Mandrake was said to spring up in ground drenched with blood or semen from a man being hanged. If you pulled the plant up out of the ground, as Shakespeare warned us, its man-root would scream, and you could die from hearing the scream. There was a report as late as the ninteenth century of a British gardener falling down the stairs and dying after accidentally pulling up a volunteer mandrake.

(In Harry Potter, of course, young witches and wizards wore protection.)

In 1934, "Mandrake the Magician" emerged as the world's first modern costumed superhero, in a newpaper comic strip that ran continuously until 2013. The hero Mandrake's ability to instantly hypnotize bad guys may have been, pardon the expression, rooted in the medicinal tradition of the mandrake plant.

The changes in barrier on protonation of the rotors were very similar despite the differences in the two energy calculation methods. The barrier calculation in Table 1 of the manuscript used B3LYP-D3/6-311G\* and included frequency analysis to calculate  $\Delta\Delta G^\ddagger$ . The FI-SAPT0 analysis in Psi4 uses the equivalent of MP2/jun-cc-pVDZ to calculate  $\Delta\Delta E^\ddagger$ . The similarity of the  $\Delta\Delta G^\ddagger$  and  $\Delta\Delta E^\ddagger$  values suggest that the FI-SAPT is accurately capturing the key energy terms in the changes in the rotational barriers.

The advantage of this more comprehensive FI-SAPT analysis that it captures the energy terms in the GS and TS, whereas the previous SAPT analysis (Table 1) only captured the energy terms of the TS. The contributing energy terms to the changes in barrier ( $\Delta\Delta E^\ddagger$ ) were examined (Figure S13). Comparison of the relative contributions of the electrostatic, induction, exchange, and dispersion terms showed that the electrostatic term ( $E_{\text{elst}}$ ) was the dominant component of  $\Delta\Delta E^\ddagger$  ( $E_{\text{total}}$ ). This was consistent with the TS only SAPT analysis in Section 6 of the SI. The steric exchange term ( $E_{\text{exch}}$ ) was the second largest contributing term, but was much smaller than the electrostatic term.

Posted by Ellen

On the afternoon of March 7, 2009,  the ice went out on the White River in South Royalton, Vermont. For hours, the river roared and groaned, as its thick cover of winter ice was ground to bits by rampaging ice chunks from miles upstream. By the next morning, the river ran free, except along the banks, where rocks and logs had snagged some of the frozen slabs and beached them on dry land. Over the next few weeks, the jumble of beached ice melted very slowly, and then it was really spring.

Posted by Ellen

Here in Philadelphia, the sun is smiling on us this week; it feels like spring, and it will look like spring very soon. We'll know it when we see it. Even in South Dakota's appropriately named Badlands, where life is tough and the weather is bad pretty much all seasons of the year, faint green hints of spring can be discerned in the landscape–not in March, however; the photo above was taken in mid-May 2014.